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Biotechnology will “eat the world” as predicted by the pioneer of the Net?

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When web browser pioneer and venture capitalist Marc Andreessen wrote its 2011 editorial prediction that software was about to ‘eat the world’, he prefaced it by referring to leading pivots from hardware to software and vice versa.

At the time, he also noted that tech companies were undervalued in public markets, while at various times over the past two years the opposite could be argued, due to the hyper-emphasis being placed on it. on the digitization caused by the pandemic and the speculative bubbles. Today, the price / earnings ratio of the technology sector seems to be coming down.

In 2011, the crude but indelible metaphor of Andreessen devouring the world was intended to convey the following thesis: “Software companies are ready to take control of large swathes of the economy”.

After the spectacular growth of the digital economy over the ensuing period, a DSI dive big title provided a seal of validation: “10 years later, software has really eaten the world. ” A Forbes item offered the “yes, and…” that “services eat software,” by layering large-scale cloud-based offerings on top of digital infrastructure. (Fortunately, these setups could be more energy efficient than you expected.)

As biotechnology harnesses cellular and biomolecular processes to develop technologies and products beneficial to society, with a potential market size of US $ 2.44 trillion by 2028, the venture capital firm of Marc Andreessen a16z pose now that “biology is eating the world”. They also noted that software “ate” health care relatively late.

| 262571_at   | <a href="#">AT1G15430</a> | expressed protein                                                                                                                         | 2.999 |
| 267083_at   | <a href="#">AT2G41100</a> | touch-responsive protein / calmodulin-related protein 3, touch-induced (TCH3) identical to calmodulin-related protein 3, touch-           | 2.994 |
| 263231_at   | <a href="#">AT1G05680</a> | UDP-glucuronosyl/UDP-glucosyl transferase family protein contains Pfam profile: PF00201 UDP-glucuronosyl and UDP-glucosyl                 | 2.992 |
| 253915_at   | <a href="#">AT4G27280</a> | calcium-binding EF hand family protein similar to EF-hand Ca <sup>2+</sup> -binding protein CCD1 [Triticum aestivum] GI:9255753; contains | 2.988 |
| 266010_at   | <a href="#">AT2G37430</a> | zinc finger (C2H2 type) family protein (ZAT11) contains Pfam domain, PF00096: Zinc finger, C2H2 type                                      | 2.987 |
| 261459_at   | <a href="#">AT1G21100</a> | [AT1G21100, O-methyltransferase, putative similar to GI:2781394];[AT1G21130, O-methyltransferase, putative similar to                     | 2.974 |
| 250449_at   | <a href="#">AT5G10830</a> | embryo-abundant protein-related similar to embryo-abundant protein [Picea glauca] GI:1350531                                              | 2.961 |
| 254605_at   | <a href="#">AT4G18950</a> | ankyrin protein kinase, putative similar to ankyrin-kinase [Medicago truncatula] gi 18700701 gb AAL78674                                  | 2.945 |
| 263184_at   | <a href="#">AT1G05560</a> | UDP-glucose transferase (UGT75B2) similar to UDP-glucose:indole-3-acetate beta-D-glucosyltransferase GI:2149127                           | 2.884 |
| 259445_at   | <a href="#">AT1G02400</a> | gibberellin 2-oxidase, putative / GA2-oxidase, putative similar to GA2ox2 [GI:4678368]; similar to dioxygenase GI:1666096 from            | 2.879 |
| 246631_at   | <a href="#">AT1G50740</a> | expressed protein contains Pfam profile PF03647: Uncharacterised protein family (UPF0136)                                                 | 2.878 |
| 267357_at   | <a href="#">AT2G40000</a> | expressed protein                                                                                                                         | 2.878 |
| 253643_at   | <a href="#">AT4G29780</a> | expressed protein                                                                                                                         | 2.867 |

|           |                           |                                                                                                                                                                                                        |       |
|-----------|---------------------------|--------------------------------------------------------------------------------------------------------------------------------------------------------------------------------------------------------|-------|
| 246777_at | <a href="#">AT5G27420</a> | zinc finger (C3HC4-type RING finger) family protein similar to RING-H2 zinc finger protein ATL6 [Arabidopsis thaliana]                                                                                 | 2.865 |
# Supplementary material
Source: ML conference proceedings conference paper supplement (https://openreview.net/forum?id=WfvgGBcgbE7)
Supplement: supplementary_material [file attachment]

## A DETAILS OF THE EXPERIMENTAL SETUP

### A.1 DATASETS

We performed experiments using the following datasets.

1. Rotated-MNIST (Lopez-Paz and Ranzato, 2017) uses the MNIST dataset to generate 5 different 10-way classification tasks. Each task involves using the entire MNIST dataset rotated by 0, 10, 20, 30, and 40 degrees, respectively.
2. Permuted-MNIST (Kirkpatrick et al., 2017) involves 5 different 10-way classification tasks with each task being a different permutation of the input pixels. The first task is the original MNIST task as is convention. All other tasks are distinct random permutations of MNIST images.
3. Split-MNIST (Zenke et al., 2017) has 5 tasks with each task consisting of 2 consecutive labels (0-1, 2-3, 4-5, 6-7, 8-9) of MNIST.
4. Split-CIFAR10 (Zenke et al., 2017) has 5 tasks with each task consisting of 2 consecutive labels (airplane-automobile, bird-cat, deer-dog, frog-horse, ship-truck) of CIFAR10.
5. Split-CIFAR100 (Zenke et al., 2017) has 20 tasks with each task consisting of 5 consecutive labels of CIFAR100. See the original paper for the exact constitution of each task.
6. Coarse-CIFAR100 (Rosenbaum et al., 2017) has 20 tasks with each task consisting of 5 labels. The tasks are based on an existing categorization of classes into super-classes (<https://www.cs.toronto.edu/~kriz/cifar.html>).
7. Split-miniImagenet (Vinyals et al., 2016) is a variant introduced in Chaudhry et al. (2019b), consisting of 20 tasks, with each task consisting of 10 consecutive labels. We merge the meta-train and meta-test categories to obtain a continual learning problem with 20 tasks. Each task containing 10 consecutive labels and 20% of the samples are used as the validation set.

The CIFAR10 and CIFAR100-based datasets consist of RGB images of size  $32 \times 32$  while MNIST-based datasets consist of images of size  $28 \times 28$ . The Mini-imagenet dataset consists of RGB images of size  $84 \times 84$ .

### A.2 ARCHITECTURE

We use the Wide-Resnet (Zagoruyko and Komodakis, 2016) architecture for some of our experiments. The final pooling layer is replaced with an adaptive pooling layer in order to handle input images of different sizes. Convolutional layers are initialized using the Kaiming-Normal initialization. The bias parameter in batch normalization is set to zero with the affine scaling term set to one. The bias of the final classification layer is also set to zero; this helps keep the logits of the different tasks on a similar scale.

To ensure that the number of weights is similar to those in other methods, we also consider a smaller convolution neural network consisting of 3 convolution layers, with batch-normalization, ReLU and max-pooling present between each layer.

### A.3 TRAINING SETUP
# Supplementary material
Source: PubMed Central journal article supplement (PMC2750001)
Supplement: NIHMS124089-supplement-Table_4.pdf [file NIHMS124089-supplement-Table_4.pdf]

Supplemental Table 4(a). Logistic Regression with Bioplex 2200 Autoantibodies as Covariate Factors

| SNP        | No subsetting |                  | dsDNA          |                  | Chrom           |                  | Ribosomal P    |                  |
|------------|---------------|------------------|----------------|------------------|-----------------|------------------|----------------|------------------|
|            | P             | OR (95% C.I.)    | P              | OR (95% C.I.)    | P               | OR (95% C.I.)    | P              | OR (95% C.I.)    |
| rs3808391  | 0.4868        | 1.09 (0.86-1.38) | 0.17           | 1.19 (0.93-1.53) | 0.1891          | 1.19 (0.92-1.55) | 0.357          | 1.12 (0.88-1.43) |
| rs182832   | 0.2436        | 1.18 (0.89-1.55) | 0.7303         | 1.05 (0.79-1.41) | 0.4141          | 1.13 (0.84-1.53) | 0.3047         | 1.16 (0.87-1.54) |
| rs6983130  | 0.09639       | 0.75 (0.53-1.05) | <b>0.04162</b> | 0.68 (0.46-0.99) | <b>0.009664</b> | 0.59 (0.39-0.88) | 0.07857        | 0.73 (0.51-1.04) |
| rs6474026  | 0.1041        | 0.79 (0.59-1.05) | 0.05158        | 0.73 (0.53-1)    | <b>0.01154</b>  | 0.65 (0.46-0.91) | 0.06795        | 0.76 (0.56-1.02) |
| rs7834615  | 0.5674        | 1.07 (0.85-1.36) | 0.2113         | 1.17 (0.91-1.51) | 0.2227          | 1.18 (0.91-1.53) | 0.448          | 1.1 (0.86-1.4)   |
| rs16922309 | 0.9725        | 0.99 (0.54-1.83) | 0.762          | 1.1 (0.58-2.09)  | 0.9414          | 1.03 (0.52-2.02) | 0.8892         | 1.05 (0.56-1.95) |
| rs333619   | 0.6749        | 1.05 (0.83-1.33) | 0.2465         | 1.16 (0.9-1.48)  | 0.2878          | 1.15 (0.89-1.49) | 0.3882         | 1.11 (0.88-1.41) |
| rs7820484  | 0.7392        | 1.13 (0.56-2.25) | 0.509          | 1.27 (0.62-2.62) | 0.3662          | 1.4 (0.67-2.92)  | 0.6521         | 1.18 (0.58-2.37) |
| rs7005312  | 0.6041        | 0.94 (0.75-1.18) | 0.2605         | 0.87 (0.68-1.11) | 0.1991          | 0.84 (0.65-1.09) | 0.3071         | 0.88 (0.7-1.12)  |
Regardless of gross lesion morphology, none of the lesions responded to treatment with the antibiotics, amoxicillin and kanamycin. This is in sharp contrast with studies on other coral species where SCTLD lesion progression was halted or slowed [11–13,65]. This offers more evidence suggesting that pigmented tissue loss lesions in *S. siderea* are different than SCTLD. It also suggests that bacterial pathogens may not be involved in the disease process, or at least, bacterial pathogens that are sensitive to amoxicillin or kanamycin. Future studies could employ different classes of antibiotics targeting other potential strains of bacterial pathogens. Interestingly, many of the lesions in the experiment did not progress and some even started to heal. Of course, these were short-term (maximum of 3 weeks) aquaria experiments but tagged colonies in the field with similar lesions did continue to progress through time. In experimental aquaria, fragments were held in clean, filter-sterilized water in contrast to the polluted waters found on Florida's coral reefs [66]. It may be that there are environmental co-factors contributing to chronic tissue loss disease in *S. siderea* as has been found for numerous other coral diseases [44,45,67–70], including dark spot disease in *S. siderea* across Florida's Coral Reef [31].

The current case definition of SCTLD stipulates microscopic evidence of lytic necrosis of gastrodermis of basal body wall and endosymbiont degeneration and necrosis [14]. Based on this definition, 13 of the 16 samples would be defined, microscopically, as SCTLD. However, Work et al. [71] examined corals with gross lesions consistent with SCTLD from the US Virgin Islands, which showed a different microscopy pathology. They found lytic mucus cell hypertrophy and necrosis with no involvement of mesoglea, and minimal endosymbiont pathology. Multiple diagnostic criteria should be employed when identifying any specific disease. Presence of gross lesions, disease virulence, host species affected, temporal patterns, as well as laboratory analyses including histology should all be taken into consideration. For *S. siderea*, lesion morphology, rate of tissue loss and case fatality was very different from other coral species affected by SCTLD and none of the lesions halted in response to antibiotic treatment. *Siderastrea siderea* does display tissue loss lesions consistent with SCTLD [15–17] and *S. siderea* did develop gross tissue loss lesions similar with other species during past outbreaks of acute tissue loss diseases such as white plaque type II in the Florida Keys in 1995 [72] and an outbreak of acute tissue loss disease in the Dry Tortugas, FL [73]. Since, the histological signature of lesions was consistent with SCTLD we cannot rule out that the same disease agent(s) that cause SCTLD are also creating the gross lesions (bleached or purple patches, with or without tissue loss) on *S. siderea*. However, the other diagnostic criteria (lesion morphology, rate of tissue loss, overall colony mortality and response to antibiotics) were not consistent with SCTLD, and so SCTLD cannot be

So what exactly happened and what’s next?

Health care presents a high degree of complexity and international market differences, especially with regard to funding mechanisms. Digital health is not yet completely standardized or ethically clear. Unlike other, simpler economic fields, technological implementations must be viewed through the prism of multiple stakeholders.

Andreessen observed that pure software companies are now entering historic markets such as healthcare and insurance, and historically when this has happened, incumbents scramble to digitize their options, often without appreciating operational approaches. and radically different cultures that are required of them.

He drew an analogy with the media industry, which was an obvious and early front for digitization. In the case of the recording industry, consumer demand for digital music was overwhelming, but suppliers refused to meet it, possibly due to their involvement in pricing.

Andreessen pointed out that when one layer in one industry effectively commoditizes, the next layer can become incredibly valuable. “You can easily speculate that the same is happening in health care,” he explained. “For example, if more real health products and services could be commoditized and, over time, you could break cost curves and in fact shrink it, maybe concierge medicine would explode.

Andreessen’s thesis is that anything that can become a software product will end up undergoing this transformation, no matter how complex or institutional resistance. Even biology is, from the business point of view of his business, moving “from an empirical science to an engineering discipline.”

(Photo by NELSON ALMEIDA / AFP)